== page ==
Pizza Hut brands itself as a family-friendly chain with speedy delivery and more than 16,000 locations worldwide. But if you're ordering dinner, whether your local store will deliver can depend upon where your family lives. In minority neighborhoods, Pizza Hut has a history of refusing delivery.
While picking up pizza in Fort Lauderdale recently, writer Adam Weinstein noticed his local Pizza Hut at 1239 S. Federal Hwy. had a clearly displayed policy of not accepting nighttime deliveries in the district including Sistrunk Boulevard, a historically black community:
The prominently displayed note instructs employees not to deliver to addresses in the northwest district, an area north of Broward Boulevard and west of NW Ninth Avenue. The neighborhood is home to many important historical places in the African-American community, including the Old Dillard Museum, which memorializes the city's first school for black children, and the Dr. James F. Sistrunk Historical Marker, named for Broward County's first black doctor. To this day, the area remains predominantly black.
When New Times asked the Pizza Hut about the policy, a manager said the delivery cutoff, which begins each night at 7, is a corporate policy. Pizza Hut's corporate headquarters did not respond to a request for comment.
The redlining of pizza delivery isn't unique to Fort Lauderdale or Pizza Hut, though. Over the years, a number of pizza shops have been accused of discriminatory policies that exempted deliveries to minority neighborhoods. In 1996, the problem was so bad that the City of San Francisco tried to write a law banning the practice. The restaurant industry pushed back, and a loophole was eventually written into the law to allow drivers to skip out on deliveries if they felt endangered.
Florida also has a history of discrimination complaints involving pizza delivery. In 2000, Domino's had to settle with the Justice Department after the chain received blowback from customers near Jacksonville. Two years later, Tarpon Springs' city attorney threatened to revoke Pizza Hut's operational license when a location stopped making deliveries to a predominantly black neighborhood. Pizza Hut defended its policies, calling it an issue of driver safety.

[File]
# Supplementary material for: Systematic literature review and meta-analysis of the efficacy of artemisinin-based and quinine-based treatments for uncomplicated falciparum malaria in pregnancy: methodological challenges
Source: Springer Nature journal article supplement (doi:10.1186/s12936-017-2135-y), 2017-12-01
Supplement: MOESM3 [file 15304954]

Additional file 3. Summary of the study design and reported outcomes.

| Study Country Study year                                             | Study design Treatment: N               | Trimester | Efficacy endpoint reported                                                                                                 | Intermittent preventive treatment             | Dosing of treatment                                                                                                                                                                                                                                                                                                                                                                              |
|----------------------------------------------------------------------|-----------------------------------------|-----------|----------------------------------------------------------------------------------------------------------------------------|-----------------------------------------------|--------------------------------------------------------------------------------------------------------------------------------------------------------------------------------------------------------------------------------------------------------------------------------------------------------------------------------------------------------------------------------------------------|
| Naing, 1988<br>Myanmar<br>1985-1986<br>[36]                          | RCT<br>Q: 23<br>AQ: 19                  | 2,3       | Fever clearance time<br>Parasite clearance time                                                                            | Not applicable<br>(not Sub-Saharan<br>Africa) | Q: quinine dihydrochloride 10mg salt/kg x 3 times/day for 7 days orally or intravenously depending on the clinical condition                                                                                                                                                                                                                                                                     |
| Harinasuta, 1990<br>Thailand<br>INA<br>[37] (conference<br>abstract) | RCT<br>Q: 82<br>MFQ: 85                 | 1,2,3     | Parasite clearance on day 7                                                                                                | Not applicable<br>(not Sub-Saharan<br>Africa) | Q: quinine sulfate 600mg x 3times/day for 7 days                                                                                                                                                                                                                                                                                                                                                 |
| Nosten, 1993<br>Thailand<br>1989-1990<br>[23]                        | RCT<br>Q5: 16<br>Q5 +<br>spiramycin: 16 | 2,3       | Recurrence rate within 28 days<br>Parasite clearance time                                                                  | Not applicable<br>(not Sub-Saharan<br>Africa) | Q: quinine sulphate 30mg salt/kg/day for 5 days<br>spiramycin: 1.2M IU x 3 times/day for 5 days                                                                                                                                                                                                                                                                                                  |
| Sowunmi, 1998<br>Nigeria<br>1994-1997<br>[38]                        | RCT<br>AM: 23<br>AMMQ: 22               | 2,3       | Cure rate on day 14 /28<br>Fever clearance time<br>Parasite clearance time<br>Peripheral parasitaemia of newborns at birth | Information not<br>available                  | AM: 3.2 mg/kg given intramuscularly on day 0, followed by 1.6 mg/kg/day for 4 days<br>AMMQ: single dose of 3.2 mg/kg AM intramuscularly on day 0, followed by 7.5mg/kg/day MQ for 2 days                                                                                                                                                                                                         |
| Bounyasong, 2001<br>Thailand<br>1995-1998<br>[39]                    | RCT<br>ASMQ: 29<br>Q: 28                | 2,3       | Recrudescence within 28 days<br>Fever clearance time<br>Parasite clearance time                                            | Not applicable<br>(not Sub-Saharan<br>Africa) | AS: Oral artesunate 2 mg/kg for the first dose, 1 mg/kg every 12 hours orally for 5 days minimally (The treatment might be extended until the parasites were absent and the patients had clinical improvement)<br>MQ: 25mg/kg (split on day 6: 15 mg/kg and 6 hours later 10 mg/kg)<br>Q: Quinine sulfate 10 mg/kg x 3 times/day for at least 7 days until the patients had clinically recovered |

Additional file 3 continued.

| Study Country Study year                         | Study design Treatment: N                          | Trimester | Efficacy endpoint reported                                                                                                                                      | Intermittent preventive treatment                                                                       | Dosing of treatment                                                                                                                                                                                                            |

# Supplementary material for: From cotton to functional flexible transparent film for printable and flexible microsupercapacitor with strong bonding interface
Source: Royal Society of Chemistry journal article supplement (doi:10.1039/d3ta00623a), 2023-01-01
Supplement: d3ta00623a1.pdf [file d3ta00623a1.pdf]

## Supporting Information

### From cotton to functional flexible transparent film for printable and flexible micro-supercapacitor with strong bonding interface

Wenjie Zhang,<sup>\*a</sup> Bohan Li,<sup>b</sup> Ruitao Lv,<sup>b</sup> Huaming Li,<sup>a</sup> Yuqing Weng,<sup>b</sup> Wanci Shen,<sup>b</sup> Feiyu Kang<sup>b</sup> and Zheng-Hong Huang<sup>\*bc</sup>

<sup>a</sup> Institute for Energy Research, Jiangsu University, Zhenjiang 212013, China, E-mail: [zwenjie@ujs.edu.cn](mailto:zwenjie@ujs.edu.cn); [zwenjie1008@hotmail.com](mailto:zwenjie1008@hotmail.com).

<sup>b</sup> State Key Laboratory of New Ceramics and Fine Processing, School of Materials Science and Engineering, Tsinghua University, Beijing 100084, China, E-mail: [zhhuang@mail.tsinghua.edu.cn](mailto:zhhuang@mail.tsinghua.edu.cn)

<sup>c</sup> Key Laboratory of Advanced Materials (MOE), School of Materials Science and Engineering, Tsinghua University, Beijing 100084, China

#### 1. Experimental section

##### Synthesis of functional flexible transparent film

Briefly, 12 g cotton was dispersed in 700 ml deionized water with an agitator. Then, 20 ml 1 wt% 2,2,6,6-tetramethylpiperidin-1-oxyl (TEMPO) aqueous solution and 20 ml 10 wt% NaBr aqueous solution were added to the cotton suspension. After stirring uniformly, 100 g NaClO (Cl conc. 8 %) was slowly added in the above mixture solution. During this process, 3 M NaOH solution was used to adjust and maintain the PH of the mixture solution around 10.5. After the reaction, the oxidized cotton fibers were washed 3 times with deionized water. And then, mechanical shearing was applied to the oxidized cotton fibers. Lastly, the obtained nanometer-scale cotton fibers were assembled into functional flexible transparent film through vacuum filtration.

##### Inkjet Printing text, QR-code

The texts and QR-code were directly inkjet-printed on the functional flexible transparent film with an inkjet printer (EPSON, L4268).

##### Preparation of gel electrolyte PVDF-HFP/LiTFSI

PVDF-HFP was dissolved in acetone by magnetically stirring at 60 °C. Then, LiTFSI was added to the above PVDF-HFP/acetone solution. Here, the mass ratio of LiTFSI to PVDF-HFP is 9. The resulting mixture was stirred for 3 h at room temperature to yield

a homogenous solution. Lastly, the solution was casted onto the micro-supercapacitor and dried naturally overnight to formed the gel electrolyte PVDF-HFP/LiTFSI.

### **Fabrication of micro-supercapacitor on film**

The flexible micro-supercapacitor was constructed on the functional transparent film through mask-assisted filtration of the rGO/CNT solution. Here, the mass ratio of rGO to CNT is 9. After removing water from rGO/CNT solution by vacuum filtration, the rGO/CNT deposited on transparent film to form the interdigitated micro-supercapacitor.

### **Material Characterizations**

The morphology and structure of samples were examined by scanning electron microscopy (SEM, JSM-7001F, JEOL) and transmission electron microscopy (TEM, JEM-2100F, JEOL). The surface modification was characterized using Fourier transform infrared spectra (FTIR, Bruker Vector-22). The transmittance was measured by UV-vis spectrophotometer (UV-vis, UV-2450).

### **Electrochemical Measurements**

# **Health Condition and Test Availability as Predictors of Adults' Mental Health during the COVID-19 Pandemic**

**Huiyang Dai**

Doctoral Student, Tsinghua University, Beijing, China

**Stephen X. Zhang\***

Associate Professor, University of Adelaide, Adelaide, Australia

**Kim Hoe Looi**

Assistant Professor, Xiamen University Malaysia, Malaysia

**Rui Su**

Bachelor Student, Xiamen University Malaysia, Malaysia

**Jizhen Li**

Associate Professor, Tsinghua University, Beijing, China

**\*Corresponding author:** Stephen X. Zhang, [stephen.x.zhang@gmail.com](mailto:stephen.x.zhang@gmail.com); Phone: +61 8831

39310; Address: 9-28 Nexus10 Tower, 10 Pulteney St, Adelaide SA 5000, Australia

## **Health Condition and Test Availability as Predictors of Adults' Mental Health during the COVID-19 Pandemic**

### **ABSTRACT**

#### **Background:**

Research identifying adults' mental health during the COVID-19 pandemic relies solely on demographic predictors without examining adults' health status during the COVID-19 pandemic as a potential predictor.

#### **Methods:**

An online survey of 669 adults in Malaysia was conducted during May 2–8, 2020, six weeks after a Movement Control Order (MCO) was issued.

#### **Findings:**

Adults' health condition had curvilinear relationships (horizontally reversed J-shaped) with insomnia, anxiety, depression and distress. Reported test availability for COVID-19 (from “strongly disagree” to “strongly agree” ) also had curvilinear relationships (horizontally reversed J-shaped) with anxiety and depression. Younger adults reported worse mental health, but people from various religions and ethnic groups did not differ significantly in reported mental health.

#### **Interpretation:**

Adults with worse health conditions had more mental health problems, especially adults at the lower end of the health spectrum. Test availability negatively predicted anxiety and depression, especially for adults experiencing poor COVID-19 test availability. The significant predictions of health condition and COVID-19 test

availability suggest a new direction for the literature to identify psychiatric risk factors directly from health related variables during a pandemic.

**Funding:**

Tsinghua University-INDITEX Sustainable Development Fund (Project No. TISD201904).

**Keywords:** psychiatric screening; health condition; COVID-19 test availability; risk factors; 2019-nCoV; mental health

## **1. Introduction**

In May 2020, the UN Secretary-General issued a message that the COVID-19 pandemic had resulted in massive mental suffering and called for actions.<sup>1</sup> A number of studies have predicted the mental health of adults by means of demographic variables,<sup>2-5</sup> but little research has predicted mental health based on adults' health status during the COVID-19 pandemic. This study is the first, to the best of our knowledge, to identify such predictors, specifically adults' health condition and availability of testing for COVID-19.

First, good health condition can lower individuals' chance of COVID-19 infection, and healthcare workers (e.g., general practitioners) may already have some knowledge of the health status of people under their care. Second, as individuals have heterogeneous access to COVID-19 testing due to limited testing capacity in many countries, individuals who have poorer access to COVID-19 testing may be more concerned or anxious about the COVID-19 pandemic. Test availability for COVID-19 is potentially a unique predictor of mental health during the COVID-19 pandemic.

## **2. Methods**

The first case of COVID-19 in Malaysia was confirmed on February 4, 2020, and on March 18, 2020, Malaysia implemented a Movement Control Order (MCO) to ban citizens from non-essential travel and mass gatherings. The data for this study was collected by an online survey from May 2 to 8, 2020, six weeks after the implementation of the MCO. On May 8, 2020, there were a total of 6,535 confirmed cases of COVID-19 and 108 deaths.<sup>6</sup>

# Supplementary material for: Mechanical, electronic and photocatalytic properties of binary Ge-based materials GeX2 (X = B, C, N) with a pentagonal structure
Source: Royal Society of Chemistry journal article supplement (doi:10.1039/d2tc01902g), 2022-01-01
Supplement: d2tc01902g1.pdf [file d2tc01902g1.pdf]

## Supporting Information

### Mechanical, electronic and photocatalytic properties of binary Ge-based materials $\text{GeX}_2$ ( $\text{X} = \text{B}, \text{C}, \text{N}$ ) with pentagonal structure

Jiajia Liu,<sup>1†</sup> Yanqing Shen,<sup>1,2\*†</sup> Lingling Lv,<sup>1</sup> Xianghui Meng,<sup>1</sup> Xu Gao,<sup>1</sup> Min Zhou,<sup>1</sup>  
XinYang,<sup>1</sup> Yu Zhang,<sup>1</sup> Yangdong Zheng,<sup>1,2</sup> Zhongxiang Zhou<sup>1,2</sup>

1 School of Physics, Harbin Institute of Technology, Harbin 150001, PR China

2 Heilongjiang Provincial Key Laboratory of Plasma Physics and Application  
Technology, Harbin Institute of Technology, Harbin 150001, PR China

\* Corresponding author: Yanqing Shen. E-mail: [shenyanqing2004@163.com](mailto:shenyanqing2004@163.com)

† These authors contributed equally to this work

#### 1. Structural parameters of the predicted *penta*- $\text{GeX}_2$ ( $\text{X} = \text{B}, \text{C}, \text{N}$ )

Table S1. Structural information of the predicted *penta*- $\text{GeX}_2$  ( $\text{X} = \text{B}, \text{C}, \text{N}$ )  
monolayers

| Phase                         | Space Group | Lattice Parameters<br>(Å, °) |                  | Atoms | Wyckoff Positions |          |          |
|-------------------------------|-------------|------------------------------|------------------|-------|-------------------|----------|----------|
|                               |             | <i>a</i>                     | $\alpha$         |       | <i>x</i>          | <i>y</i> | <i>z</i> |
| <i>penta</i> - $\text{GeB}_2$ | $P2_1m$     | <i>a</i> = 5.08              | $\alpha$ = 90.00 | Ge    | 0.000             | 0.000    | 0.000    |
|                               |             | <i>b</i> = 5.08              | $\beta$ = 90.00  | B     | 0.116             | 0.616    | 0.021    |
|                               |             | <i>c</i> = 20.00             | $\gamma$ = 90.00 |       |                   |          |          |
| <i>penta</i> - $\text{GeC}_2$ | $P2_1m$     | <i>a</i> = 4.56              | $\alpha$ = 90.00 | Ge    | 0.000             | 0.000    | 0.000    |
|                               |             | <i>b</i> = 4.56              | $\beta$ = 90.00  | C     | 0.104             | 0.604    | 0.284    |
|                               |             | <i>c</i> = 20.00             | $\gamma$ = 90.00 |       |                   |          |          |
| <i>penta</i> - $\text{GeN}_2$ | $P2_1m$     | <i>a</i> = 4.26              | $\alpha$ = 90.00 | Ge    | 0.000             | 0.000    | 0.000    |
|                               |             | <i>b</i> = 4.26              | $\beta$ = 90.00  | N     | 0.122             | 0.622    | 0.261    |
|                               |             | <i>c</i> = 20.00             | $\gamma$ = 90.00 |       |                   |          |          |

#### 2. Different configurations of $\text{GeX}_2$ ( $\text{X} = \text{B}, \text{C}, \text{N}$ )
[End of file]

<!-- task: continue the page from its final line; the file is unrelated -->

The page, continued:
"We work to balance our customers' wants with our delivery persons' safety," spokesperson Patty Sullivan said at the time.
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In the past, companies such as Pizza Hut and Little Caesars have said they used crime statistics to map out their coverage areas, although it's unclear if those practices are still in place.
Though delivery services have traditionally used crime as a reason to steer clear of certain neighborhoods, City Lab says technology might solve the problem once and for all. By using self-driving cars, restaurants could deliver pizza to neighborhoods fairly and safely.
"There's the potential fix for the problem of pizza redlining — where the perceived danger of neighborhoods dissuades drivers from dropping off pizza," writer Andrew Small says. "These delivery cars aren’t exactly at the same level of risk for robbery as drivers."
It's worth noting, though, that many neighborhoods blocked from pizza delivery in various parts of the country have been proven no more dangerous than whiter neighborhoods within the delivery zone. In the case of the Domino's lawsuit, the company signed an agreement requiring it to review actual crime statistics and set up community meetings before banning deliveries to any one neighborhood.